Tom quickly hired her and she quickly proved to be one of the best teachers in our “school.” [We were well separated from the rest of the University; both geographically and in how we functioned, so mostly we thought of ourselves as a separate school, like a little community college in Portland.]

Every class we taught was “graded” by the students, who submitted a feedback form, rating the class on a scale from 1-5, on about half a dozen points having to do with the quality of the class. Although I was and am fairly conceited about my teaching ability and about my ability to recognize and improve my teaching flaws and correct my failures, like all the other instructors I read the student feedback carefully. As far as I could tell, Kathy and I were the two highest rated instructors in the program.

I found this fascinating in that our teaching styles were quite different. We sometimes sat in on each others classes. Sometimes this was to learn a program we didn’t know. In large classes, the program provided “teaching assistants.” Once in a while one of the full instructors would help out as a TA.

My style of teaching is varied and improvisational. I am constantly trying new approaches and experimenting. I am very responsive to student requests. For example, one day I was teaching a class for a group of employees for the Internal Revenue Service. I began by making jokes about how much people hate and fear the IRS. I noticed a passing university employee staring at me in alarm, apparently fearing that I would be audited and arrested on the spot.

I quickly learned that the requested topic for the class (assigned by a supervisor who was not present) was not what the group of employees actually wanted to learn. I knew something about the topic they wanted but did not have a class prepared. I improvised a class on the spot. Later, I got a letter from an IRS department head expressing appreciation at how well I had met employee needs. That was an illustration of how I functioned when I was working at my best.

The down side was that I was (and am) easily distracted and impulsive. Sometimes in an effort to better meet students’ needs I would go off on a wild goose chase or get in deeply over my head. My willingness to improve and fly by the seat of my pants drove some students crazy.

Kathy, on the other hand, was a person who functioned entirely by depending on careful analysis and preparation. Once she had mastered a topic, she planned her classes practically to the minute. As I walked by her classroom, I would hear her voice, look at my watch, and joke quietly to other teachers, “It’s 11:15 am. I now exactly what she is going to say right now, because it’s on her schedule.”

Students loved her organization, confidence, knowledge of her subject. On the other hand, when circumstances were not entirely under her control or events were not going as she planned, Kathy tended to panic.

I remember once, she was teaching a database class, a topic where she was expert and my knowledge was skimpy. Microsoft had just released its first database program. Students were clamouring for it. The program was full of bugs and constantly crashing. I went into the classroom to assist Kathy. She was practically distraught. She wanted to cancel the class. In her mind, if the program crashed while she was teaching, the students would blame her personally, not Microsoft, who was releasing software not ready for prime time, nor the University of Oregon Portland Center, who was offering a dubious and unready program to satisfy student demands.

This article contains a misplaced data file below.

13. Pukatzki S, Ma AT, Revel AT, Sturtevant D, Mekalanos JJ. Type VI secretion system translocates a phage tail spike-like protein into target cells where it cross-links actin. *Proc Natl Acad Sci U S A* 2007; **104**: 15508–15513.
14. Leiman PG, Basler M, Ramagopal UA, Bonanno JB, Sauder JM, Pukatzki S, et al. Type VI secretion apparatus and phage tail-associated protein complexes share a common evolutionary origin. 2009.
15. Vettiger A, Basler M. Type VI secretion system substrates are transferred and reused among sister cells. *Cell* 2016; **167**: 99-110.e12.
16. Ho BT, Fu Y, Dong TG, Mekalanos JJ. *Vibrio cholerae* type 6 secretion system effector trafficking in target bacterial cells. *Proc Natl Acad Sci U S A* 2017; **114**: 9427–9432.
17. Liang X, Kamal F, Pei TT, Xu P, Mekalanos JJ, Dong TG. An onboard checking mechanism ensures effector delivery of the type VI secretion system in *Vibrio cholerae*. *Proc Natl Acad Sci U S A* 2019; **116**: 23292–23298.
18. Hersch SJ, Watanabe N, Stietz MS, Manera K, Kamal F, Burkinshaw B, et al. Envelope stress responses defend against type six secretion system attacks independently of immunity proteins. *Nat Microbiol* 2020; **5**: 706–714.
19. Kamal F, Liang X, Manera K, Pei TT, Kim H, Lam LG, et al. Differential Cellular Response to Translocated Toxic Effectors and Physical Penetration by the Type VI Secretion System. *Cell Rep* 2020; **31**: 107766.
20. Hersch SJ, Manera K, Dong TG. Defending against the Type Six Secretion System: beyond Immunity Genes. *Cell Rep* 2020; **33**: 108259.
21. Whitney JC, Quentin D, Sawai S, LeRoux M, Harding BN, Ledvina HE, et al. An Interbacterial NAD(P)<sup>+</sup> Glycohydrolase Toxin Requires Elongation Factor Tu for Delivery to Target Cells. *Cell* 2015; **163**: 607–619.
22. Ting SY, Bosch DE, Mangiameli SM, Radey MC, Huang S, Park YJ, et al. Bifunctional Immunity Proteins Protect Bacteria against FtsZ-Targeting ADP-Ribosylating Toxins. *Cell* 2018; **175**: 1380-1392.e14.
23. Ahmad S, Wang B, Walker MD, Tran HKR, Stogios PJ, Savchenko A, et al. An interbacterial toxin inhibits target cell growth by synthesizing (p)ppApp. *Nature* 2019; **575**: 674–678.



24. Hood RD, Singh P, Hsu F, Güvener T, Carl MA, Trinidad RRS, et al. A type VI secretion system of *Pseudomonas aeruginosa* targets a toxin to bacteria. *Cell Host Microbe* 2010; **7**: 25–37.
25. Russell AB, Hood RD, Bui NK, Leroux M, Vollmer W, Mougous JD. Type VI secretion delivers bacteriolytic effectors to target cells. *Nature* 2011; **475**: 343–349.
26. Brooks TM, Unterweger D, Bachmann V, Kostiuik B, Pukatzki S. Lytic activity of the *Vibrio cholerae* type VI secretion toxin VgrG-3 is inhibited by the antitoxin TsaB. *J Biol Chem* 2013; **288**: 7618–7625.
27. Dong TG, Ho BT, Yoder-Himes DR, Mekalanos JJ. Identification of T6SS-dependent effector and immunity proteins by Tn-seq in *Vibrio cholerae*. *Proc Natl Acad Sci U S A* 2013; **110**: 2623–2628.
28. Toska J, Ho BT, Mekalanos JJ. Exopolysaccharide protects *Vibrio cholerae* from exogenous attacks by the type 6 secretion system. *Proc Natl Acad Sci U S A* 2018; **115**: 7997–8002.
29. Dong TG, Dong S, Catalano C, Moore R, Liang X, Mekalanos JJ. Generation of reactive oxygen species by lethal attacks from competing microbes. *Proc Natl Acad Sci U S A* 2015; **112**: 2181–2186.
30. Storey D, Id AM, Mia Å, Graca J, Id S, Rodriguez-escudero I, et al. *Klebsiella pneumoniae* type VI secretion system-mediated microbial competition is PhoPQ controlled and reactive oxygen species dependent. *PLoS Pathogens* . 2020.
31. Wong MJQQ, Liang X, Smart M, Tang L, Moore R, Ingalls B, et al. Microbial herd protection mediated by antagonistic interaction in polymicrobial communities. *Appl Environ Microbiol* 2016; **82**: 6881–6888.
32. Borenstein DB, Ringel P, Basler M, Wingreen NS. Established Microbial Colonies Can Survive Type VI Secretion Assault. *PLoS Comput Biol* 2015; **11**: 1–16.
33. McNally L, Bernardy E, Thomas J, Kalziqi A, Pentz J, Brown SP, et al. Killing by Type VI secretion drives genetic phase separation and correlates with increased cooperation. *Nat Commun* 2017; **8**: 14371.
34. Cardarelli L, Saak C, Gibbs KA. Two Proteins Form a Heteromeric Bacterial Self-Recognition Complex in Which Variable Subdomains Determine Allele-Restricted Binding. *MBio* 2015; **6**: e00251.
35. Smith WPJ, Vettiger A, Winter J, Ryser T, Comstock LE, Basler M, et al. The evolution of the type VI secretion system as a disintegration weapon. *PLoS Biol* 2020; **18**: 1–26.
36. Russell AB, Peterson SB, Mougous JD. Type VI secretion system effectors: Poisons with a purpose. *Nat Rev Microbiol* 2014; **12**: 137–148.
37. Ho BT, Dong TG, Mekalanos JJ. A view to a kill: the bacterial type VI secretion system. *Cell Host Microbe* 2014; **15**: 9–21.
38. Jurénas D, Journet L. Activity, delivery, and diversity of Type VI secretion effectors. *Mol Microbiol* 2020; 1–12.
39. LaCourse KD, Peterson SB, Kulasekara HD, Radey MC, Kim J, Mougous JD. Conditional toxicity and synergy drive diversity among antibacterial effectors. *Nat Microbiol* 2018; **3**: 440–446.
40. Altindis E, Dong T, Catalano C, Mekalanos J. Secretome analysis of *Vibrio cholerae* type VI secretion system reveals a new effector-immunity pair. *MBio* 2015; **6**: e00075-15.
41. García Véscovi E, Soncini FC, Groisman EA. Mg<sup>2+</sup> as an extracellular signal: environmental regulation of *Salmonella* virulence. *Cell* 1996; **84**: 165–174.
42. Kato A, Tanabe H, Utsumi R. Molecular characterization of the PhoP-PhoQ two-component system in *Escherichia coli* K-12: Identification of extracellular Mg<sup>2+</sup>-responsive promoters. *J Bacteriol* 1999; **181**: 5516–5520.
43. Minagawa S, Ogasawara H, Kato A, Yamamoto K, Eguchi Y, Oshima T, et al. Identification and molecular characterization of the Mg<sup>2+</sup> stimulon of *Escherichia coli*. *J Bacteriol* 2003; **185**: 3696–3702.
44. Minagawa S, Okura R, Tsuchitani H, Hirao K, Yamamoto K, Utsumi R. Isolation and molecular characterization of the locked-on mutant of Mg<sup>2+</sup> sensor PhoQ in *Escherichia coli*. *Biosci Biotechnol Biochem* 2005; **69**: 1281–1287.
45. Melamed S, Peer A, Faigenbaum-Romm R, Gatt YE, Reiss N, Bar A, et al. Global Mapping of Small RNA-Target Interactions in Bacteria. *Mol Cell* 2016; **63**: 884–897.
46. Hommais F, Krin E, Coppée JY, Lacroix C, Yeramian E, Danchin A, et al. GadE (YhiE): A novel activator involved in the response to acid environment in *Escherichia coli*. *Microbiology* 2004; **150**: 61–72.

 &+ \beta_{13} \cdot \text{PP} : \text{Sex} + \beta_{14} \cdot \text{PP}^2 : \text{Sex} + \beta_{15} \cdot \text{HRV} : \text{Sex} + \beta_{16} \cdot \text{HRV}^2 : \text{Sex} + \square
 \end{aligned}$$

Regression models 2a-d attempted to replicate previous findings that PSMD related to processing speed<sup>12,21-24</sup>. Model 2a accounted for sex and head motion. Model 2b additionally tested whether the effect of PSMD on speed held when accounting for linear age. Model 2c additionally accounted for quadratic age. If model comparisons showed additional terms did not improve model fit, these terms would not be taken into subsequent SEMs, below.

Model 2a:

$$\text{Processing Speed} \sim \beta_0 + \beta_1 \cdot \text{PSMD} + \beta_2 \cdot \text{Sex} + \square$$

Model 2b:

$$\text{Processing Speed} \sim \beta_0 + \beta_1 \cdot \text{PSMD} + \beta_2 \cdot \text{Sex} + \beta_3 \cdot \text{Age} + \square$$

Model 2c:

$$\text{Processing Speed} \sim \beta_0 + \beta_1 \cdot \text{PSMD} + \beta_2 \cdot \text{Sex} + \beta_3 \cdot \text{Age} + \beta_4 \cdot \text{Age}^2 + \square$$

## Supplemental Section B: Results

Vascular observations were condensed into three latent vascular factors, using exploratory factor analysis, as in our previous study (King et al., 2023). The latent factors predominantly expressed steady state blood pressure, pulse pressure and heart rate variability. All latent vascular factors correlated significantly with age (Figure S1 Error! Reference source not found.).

I said to Kathy, “Just tell the students, ‘We know you really want this class and we are offering it even though we cannot guarantee that the program will run without crashing through the entire class. If it crashes, we will give you your money back or a free class at a future time when we can make it work.’”

“No! I can’t do that. It’s completely unprofessional! They will consider me as a person who does not know what she is doing and is not fit to teach!” Kathy lamented, practically in tears. “I can’t get up and say something like that to a room full of students!”

I said, “I will do it for you. I will take full responsibility. Since Tom [the director of the program] is not here today, I will tell them I am the ranking staff member here and if someone is furious and irate, I will take all the heat. I will tell them I am the senior staff member in the absence of the Director.” [This was more or less true.]

Eventually, Kathy let me make a brief introductory statement to the class while she cringed in the back of the room. I explained that we really wanted to meet their need for a class on this program, but we could not guarantee it would run through the entire class without crashing. The students (who were for the most part already very computer-experienced and used to the typical ways in which computer hardware and software fails all the time) mostly shrugged.

Kathy then began teaching the class. Although the software was shaky for the duration of the class (about 6 hours over one day), it never actually failed completely. The students were enormously grateful for the fine job she did that day.